But giving defendant's objection its maximum range, the exhibit is challenged as being irrelevant because it is speculative, conjectural, and highly prejudicial. The determination of this question overlaps and partially embraces the larger question of the admissibility of the testimony of the expert witness Glenn Chase as to the capitalization of income on the recreational and residential lots as being a relevant factor in the determination of the present market value. In approaching this question we must remember that a direct issue was drawn in this case as to whether Cedar *893 Island could reasonably be developed into a residential or recreational area. Was it a reasonably prospective use of the property? The plaintiff had alleged, and the defendant denied, that Cedar Island was "peculiarly adapted to development into a recreational area." The plaintiff was attempting to show that a reasonably prospective use of Cedar Island would be its development for recreational purposes after sand and gravel production had been completed and that this factor would affect the considerations influencing the present market value of the property. The resolution of this question was primarily for the jury under conflicting issues and evidence, and should be decided like any other question of fact at issue in a case. It is not for the court to determine under the guise of a determination of the admissibility of evidence. In Medelman v. Stanton-Pilger Drainage Dist., supra, this court held that in a condemnation proceeding, where evidence was conflicting as to adaptability of lands for a prospective use, it was a fact issue for the jury to determine under the evidence. This court said in that case as follows: "If, by reason of its surroundings, or its natural advantages, or its artifical improvements, or its intrinsic character, it is peculiarly adapted to some particular use, all the circumstances which made up this adaptability may be shown, and the fact of such adaptation may be taken into consideration in estimating compensation." The evidence shows that the witness Chase is an expert appraiser who spent approximately 36 days and made an exhaustive examination of the land, zoning regulations, and many other factors relevant to the determination of whether this land had a prospective use for recreational or residential lot purposes. Exhibit 16 was no more than an illustration and a depiction in graphic form of the logical development of this testimony. If the prospective use was a relevant consideration, a graphic portrayal of the plan of such use was also relevant. The exhibit does not overreach the scope of the oral testimony. It particularizes, explains, and serves to establish the accuracy and credibility of the expert witnesses' testimony. Such an exhibit would be highly relevant on cross-examination. We can see no reason why it could not be introduced on direct examination. In considering this question we observe that the expert witnesses for both the plaintiff and the defendant are in agreement that this island, both in its present and future state after the development of lakes, had recreational possibilities. From the evidence the jury, therefore, could reasonably infer that the development for recreational or residential lot purposes is a prospective use which, in turn, is a factor that affects the present market value of the property. See, 27 Am. Jur.2d, Eminent Domain, s. 280, p. 70; Medelman v. Stanton-Pilger Drainage Dist., supra; Pieper v. City of Scottsbluff, supra; Langdon v. Loup River Public Power Dist., 144 Neb. 325, 13 N.W.2d 168.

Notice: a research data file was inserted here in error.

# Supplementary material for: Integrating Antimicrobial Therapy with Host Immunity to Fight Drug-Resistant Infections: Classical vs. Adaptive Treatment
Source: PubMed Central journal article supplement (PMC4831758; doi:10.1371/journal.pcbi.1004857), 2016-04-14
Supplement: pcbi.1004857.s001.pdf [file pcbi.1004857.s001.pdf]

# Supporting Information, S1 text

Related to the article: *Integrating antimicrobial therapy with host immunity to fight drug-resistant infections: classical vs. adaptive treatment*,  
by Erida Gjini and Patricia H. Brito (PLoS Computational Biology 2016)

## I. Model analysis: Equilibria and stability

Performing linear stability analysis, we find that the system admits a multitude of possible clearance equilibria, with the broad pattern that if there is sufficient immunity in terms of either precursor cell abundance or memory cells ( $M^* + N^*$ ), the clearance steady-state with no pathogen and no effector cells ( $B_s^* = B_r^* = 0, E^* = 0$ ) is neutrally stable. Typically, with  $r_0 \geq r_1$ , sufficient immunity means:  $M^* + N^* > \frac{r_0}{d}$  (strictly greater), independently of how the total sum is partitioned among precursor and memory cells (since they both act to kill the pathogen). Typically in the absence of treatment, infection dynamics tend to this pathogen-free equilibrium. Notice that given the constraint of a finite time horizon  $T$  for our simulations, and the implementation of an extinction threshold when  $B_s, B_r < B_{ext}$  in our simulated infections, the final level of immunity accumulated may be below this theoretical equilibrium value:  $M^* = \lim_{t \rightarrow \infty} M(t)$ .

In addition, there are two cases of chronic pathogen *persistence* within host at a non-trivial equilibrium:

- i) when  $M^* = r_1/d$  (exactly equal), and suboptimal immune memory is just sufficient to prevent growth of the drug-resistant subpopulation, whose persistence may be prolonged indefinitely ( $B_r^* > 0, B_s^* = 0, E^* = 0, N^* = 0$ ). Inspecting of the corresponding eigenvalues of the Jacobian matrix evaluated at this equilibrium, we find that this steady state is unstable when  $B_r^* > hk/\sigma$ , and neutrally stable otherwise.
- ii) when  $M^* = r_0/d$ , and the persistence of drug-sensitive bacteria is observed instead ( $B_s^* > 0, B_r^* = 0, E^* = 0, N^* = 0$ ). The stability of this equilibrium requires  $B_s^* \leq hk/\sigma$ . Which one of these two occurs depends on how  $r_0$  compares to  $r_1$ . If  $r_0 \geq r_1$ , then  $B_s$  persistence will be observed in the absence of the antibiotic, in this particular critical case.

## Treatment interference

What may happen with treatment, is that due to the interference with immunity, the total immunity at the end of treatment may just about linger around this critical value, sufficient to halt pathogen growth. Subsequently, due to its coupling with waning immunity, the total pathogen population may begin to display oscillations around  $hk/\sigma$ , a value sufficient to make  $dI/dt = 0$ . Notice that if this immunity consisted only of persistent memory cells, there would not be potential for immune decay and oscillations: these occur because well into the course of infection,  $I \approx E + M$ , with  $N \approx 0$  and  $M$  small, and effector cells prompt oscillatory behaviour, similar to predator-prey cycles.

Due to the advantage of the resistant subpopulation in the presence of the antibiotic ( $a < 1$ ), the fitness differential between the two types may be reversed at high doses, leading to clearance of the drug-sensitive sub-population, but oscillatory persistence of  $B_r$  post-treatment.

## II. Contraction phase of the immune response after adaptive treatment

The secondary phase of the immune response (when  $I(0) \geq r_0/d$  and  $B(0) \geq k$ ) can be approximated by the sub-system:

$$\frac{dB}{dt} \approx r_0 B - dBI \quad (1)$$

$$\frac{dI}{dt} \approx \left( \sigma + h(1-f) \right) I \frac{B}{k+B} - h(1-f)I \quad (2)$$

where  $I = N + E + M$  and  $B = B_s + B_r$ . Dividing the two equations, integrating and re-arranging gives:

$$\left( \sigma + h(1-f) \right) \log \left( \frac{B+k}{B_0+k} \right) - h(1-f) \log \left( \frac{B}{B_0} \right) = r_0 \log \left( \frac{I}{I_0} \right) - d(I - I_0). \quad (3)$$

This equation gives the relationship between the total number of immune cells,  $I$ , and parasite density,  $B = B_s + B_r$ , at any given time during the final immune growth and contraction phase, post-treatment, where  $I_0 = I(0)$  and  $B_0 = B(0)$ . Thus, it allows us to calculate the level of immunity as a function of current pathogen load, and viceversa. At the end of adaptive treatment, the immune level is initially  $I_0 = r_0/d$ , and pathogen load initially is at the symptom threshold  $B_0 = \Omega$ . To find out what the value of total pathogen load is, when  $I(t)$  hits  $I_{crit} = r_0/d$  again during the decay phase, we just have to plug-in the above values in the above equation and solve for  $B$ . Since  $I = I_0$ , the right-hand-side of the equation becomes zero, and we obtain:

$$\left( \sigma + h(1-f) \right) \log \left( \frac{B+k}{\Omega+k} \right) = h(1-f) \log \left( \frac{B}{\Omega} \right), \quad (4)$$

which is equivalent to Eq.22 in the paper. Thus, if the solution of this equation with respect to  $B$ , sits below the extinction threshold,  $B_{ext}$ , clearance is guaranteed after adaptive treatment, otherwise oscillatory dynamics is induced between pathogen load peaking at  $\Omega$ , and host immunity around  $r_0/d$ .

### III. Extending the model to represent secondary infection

We are aware that there is considerable authority supporting the holding that such a plat or exhibit is not admissible in evidence. See, 5 Nichols (3d Ed.), Eminent Domain, s. 18.11(2), pp. 159, 160, 161; State Highway Commission v. Deal, 191 Or. 661, 233 P.2d 242; Earl M. Kerstetter, Inc. v. Commonwealth, 404 Penn. 168, 171 A.2d 163. But the recent cases hold that such evidence is admissible on the issue of the suitability of the tract for subdivision purposes, which, as we have pointed out, was a direct issue in this case. Arkansas-Louisiana Gas Co. v. Lawrence, 239 Ark. 365, 389 S.W.2d 431; Commonwealth Dept. of Highways v. Denny (Ky.App.), 385 S.W.2d 776; State Highway Commission v. Conrad, 263 N.C. 394, 139 S.E.2d 553, 12 A.L.R.3d 1055; Cherokee Pipe Line Co. v. Jury (Okl.), 393 P.2d 503; Hawaii Housing Authority v. Rodrigues, 43 Hawaii 195. Such evidence is admissible even in the jurisdictions that hold generally that such a plat or evidence is not admissible, when there is an issue of the suitability of the tract for subdivision purposes in the case. State Highway Commission v. Deal, supra; Forest Preserve Dist. v. Krol, 12 Ill. 2d 139, 145 N.E.2d 599. There is both disagreement *894 and diversity of approach in the authorities on this problem. However, much of the confusion can be resolved by pointing out that such evidence is inadmissible as speculative and conjectural when the only showing is that the property could be used for subdivision purposes. Where, on the other hand, as here, the use for subdivision purposes is not merely speculative and not too remote to influence present market value, such evidence is admissible. See, 29A C.J.S. Eminent Domain § 273(2), p. 1197; Arkansas State Highway Commission v. O. & B., Inc., 227 Ark. 739, 301 S.W.2d 5; Santa Clara County Flood Control & Water Conservation Dist. v. Freitas, 177 Cal. App. 2d 264, 2 Cal. Rptr. 129; Oakley v. State, (Tex.Civ. App.), 346 S.W.2d 943, 163 Tex. 463, 356 S.W.2d 909, 95 A.L.R.2d 1207; Buena Park School Dist. of Orange County v. Metrim Corp., 176 Cal. App. 2d 255, 1 Cal. Rptr. 250.